IF the intent was to engender even less goodwill among the public towards it the PTV may have certainly succeeded, but in all other respects its plan to raise its revenue by increasing the TV licence fee included in our electricity bills is doomed from the outset. It is telling of the mindset of those in charge of the public broadcaster that their singular concern is bridging the financial shortfall — amounting to Rs20bn a year — by passing the buck on to cash-strapped consumers, who have already experienced an eye-watering increase in power tariffs over the past 18 months. On the other hand, the only cost-cutting measure the PTV appears to have taken is to reduce the age of retirement for employees, thus saving approximately Rs18m a year. Proposing a bailout for itself without any financial plan or business development strategy that might justify the additional cost to consumers betrays just how much the PTV takes the public for granted — as well as its current lack of coherence and vision.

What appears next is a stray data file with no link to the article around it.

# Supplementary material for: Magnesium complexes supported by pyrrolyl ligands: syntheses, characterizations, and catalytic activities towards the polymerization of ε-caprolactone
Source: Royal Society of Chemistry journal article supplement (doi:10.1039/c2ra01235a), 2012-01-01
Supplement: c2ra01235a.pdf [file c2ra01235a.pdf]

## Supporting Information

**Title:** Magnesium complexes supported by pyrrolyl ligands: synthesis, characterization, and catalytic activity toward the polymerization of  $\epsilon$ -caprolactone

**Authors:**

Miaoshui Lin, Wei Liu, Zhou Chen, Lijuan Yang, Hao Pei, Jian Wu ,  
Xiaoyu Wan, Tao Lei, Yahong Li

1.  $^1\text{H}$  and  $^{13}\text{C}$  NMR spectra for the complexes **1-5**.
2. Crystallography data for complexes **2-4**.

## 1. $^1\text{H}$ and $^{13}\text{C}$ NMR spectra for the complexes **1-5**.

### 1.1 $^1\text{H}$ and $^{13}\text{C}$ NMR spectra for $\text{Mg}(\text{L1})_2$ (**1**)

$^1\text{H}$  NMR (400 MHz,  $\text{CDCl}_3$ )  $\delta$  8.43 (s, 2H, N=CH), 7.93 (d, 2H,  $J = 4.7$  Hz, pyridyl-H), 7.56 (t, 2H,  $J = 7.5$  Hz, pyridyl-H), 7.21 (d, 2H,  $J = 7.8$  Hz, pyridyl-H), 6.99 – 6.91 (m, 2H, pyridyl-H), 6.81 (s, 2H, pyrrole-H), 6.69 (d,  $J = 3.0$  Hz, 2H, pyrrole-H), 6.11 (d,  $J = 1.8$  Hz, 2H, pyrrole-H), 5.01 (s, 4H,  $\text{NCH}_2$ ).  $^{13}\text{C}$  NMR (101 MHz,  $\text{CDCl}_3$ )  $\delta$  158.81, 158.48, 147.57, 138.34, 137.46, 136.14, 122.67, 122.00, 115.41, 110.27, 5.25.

The PTV of today is a far cry from its golden days under the pioneering stewardship of Aslam Azhar, when the content it produced was a matter of pride for all Pakistanis. The public broadcaster was a vanguard in supporting public interest journalism, culture and the arts. Nowadays, instead of being a public service for the people, it has become, at best, an irrelevant and antiquated behemoth and, at worst, a political tool for the government of the day. The PTI’s 2018 election manifesto pledged to make the PTV autonomous, with its own board of governors, “similar to the BBC model” — a claim that was often repeated by its government’s first information minister. It is clear, however, that the change that was promised is nowhere in sight. Unless there is considerable restructuring of the corporation, including ensuring a completely independent and autonomous board, with a mission to deliver high-quality public interest programming, it is hardly worth justifying its existence let alone a licence fee hike.